I believe we have systems that will improve the business, but time will tell how effective they are. If efficiencies don’t improve, we’ll re-analyze and continue until we fix the bottleneck.

I’m sure these guys will figure it out. I’m betting a lot of time and money that says they will.

We’ve talked about a number of different ideas for this company, and there’s a lot of interesting directions we may take it. If you’re interested in hearing more about this company’s progress, leave me a comment below and let me know. If you’d enjoy more stories in this style from businesses I’m involved in, let me know that as well. I write based on what I feel like people are wanting to read, so your comments count as ‘votes’ for me to decide what I’ll be writing on.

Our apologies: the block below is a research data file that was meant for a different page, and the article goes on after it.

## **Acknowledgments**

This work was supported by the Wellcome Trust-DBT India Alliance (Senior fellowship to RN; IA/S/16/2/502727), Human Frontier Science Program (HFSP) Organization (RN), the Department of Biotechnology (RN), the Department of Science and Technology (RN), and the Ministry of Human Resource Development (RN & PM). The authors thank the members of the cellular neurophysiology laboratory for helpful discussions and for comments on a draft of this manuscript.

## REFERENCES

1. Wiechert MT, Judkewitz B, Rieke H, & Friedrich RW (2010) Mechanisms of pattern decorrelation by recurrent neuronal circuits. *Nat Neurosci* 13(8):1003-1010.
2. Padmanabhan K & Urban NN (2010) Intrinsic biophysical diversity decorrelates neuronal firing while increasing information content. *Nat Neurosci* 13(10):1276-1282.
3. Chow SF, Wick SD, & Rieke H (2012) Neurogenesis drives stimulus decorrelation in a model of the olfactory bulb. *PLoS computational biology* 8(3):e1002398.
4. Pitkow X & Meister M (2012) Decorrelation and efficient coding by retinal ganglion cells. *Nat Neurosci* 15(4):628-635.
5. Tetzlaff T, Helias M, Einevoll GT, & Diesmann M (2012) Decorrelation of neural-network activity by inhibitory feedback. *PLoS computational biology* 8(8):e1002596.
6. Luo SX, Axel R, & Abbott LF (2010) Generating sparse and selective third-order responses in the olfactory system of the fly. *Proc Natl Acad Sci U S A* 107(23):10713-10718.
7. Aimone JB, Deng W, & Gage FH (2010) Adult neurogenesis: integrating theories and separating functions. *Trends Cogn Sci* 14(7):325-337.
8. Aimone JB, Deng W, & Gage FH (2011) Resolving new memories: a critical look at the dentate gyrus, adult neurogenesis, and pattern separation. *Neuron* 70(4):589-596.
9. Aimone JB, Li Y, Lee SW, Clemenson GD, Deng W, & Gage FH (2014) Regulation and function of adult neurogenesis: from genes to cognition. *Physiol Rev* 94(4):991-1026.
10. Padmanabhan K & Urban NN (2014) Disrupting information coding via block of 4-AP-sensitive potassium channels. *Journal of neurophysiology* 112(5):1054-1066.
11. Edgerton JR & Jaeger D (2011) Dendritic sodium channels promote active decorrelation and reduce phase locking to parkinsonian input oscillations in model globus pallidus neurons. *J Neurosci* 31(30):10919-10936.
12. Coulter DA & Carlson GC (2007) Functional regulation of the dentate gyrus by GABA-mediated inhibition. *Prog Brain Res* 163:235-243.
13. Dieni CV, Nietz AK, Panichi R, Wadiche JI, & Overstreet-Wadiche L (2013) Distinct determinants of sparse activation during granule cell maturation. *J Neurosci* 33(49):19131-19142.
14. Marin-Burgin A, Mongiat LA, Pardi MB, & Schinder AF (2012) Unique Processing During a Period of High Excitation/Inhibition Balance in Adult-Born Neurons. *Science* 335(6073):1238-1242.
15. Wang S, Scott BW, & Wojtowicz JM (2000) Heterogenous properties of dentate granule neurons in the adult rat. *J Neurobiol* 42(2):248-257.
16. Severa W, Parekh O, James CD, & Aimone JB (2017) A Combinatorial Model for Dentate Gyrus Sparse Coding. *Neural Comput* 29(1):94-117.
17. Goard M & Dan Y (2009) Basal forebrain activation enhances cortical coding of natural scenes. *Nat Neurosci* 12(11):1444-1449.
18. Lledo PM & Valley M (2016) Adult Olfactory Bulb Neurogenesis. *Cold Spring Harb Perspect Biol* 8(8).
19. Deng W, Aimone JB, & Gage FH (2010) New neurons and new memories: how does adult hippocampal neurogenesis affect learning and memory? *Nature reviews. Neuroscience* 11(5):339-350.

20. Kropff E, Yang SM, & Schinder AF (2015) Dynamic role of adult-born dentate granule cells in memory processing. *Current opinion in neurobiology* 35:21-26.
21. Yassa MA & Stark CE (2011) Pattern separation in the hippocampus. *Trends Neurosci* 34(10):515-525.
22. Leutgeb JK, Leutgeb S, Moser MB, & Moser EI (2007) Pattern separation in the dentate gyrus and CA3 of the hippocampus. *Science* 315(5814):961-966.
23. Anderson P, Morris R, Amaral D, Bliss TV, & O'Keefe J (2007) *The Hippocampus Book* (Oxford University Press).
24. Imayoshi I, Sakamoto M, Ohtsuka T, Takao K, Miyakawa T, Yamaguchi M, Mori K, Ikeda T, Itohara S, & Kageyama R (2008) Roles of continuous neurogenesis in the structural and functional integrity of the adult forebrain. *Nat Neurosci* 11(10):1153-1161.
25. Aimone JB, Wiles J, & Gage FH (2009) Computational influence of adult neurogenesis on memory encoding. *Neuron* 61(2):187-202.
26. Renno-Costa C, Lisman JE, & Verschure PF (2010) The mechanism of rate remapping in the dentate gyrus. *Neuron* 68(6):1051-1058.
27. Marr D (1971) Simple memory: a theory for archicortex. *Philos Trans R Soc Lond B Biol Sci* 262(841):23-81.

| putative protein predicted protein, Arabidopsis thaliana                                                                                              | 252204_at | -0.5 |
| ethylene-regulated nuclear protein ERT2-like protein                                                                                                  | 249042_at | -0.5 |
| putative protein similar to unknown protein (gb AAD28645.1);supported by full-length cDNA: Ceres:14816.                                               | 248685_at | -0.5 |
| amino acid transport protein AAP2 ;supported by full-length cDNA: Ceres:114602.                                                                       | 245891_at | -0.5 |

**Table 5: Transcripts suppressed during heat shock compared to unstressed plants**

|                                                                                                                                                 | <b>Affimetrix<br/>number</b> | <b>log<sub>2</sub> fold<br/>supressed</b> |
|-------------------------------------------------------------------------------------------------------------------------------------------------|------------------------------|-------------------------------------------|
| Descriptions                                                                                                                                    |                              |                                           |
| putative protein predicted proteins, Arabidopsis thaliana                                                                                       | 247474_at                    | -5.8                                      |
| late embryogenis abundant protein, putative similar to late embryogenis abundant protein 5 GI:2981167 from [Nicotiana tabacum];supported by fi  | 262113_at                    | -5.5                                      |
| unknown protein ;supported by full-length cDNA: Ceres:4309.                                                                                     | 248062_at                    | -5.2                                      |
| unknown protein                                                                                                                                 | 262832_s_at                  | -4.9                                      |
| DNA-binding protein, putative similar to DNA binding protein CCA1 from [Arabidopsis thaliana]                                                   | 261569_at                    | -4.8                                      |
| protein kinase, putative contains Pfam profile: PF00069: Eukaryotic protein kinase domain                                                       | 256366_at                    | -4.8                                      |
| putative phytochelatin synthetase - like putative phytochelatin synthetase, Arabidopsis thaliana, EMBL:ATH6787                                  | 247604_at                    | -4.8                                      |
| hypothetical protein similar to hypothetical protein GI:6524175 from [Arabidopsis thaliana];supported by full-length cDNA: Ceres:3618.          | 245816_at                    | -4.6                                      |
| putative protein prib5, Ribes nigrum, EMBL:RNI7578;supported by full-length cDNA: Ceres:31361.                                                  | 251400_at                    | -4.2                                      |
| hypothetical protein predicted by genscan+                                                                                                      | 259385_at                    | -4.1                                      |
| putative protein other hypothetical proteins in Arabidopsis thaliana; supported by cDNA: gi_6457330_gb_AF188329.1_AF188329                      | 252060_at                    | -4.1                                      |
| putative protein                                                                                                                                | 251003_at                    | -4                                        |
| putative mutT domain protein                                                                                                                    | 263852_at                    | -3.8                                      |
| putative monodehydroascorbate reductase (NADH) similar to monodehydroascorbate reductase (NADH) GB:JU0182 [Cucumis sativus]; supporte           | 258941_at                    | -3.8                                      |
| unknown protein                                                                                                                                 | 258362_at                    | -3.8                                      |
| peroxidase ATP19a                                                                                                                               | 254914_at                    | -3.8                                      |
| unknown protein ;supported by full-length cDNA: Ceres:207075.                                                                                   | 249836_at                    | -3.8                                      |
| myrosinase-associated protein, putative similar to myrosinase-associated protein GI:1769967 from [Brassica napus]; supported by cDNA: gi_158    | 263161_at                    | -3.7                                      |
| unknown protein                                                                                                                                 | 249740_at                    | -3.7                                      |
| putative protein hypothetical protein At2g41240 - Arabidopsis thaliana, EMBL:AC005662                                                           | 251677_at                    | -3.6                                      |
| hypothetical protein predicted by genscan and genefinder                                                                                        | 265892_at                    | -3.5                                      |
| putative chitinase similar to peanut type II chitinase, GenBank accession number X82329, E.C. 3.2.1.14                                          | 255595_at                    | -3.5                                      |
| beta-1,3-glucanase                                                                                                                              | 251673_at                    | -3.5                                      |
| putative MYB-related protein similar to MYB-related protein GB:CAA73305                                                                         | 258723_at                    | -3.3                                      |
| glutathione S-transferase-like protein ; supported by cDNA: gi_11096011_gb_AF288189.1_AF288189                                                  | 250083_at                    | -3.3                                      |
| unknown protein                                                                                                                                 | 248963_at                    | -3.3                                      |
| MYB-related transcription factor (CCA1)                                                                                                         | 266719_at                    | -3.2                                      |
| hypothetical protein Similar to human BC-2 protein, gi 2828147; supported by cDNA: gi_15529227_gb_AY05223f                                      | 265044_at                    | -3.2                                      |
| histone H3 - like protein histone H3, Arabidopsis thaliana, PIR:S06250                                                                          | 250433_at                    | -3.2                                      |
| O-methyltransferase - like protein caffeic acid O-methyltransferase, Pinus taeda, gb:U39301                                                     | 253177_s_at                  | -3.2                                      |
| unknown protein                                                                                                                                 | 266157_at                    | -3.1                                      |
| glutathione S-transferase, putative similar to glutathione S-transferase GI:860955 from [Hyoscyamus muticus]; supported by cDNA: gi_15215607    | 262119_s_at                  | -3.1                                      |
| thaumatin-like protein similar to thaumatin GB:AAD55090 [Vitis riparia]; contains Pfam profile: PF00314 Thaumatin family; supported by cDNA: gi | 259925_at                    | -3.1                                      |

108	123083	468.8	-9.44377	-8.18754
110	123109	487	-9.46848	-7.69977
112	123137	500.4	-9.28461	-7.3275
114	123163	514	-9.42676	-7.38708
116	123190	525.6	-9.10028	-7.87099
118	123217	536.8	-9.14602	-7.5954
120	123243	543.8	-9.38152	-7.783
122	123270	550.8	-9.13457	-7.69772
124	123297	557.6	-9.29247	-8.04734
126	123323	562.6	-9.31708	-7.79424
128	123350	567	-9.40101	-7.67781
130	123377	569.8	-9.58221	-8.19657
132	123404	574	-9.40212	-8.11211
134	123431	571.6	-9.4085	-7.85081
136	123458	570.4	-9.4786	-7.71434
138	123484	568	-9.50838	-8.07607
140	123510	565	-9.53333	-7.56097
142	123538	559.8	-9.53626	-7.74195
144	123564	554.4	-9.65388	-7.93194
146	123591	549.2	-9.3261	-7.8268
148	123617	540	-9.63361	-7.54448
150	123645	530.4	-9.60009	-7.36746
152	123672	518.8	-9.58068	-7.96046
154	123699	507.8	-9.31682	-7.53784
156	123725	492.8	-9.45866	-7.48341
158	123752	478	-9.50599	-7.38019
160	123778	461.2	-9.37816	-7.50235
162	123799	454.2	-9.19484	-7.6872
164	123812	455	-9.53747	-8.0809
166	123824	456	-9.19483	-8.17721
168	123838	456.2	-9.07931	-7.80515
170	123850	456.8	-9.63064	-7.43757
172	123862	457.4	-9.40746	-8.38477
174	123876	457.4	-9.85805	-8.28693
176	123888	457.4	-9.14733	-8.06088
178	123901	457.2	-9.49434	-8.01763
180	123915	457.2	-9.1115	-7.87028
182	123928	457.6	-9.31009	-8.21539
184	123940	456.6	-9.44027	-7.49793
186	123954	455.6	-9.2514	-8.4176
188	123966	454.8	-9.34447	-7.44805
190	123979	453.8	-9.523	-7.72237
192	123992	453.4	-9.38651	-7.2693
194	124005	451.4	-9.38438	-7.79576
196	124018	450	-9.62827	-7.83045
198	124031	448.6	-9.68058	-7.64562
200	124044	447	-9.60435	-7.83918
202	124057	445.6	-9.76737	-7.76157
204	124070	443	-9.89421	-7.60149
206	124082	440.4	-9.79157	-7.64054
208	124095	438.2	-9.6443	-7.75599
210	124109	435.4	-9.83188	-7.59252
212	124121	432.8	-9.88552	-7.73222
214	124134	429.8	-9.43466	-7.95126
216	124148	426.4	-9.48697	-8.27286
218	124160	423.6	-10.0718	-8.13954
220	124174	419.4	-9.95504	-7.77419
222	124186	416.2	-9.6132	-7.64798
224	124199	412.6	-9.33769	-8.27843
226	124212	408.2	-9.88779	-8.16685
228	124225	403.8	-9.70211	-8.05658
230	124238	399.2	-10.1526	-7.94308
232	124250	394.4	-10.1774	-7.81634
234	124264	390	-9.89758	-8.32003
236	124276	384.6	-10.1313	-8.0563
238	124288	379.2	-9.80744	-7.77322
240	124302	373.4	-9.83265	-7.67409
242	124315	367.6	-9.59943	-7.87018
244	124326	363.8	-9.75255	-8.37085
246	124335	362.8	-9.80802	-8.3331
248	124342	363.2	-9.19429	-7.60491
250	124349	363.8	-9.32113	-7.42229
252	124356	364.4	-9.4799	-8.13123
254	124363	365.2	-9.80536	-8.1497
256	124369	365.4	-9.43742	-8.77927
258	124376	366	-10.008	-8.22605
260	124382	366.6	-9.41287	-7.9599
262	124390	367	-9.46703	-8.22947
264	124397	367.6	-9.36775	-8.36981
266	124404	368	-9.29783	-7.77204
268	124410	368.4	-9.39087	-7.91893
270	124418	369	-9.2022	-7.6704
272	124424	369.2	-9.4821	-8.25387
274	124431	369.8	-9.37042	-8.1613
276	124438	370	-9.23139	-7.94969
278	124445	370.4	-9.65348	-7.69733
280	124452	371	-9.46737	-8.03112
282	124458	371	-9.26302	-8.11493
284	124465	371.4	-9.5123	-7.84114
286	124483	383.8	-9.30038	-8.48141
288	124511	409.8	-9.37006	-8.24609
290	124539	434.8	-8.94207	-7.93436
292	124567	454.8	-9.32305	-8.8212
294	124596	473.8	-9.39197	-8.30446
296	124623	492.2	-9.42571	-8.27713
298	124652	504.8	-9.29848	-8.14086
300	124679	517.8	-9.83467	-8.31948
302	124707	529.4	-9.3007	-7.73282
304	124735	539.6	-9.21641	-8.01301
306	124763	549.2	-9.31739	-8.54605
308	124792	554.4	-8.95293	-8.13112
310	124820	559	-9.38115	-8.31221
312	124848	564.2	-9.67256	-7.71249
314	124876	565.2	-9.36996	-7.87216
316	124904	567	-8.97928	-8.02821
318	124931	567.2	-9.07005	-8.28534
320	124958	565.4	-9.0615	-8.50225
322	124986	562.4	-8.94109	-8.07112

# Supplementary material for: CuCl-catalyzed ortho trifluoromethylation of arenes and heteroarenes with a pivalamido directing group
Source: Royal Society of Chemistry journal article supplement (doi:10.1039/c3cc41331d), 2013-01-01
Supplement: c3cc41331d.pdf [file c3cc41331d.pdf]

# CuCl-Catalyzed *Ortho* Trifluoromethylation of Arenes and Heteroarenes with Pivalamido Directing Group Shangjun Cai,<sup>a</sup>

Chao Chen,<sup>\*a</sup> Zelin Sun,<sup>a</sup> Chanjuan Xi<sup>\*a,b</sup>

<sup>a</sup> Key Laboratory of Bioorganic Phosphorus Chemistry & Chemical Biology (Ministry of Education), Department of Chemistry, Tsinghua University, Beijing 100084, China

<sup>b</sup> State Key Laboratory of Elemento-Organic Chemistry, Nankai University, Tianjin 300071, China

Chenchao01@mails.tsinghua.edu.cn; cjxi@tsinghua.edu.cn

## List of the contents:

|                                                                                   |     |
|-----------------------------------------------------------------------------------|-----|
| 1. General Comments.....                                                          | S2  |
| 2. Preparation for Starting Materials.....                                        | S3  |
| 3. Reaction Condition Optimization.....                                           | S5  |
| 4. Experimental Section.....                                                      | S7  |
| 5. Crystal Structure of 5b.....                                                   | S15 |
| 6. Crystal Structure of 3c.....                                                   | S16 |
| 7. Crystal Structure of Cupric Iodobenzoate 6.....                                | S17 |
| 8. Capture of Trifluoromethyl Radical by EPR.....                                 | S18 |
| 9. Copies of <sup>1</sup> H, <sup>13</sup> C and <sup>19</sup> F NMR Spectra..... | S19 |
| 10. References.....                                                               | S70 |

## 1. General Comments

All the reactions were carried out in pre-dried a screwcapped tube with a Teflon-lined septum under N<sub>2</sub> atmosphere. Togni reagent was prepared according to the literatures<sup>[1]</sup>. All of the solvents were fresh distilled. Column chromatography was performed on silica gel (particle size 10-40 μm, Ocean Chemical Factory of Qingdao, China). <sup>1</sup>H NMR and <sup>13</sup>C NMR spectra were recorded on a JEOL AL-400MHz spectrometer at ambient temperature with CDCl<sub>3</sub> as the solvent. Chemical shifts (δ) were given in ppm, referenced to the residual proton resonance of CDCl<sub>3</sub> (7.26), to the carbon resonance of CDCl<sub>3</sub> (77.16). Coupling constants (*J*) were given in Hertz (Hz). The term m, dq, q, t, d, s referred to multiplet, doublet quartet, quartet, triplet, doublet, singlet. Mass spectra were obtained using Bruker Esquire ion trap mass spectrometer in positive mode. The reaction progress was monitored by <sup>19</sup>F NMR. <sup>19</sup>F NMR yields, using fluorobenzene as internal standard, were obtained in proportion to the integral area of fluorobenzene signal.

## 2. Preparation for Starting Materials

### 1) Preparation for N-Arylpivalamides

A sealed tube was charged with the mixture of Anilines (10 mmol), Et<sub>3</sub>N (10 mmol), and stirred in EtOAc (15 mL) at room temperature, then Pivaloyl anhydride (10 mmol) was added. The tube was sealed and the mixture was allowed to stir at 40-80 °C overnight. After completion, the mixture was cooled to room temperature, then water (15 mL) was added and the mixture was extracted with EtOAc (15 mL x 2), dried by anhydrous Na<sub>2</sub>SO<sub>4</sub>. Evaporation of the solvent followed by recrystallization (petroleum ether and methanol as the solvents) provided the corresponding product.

Do you know of a service business that wants to improve their business and would benefit from reading this post? Please share this with them.

Lastly, if you subscribe today, I’ll send you the Money Leak Finder PDF, to show where you’re losing money in your business:


46 Responses to “My New Startup is Wasting $35,550/month”

  1. Billy

    I launched a YouTube channel today as well and made a video on this subject:

  2. Chris Waldron

    I think this happens to a lot of young business. You don’t focus on billable work. If you arent over working standard hours on billable time, then you should atleast move non billable “work” to after hours. It takes work to get off the ground.

    I do similar with internal hourly rates, even if i quote flat rate jobs or monthly consulting, its based on a standard hourly rate of what my time is worth. Great break down of the business, keep up the progress Mike & Mason.

  3. Rafal Dudek

    Hey Billy, nice read as always 🙂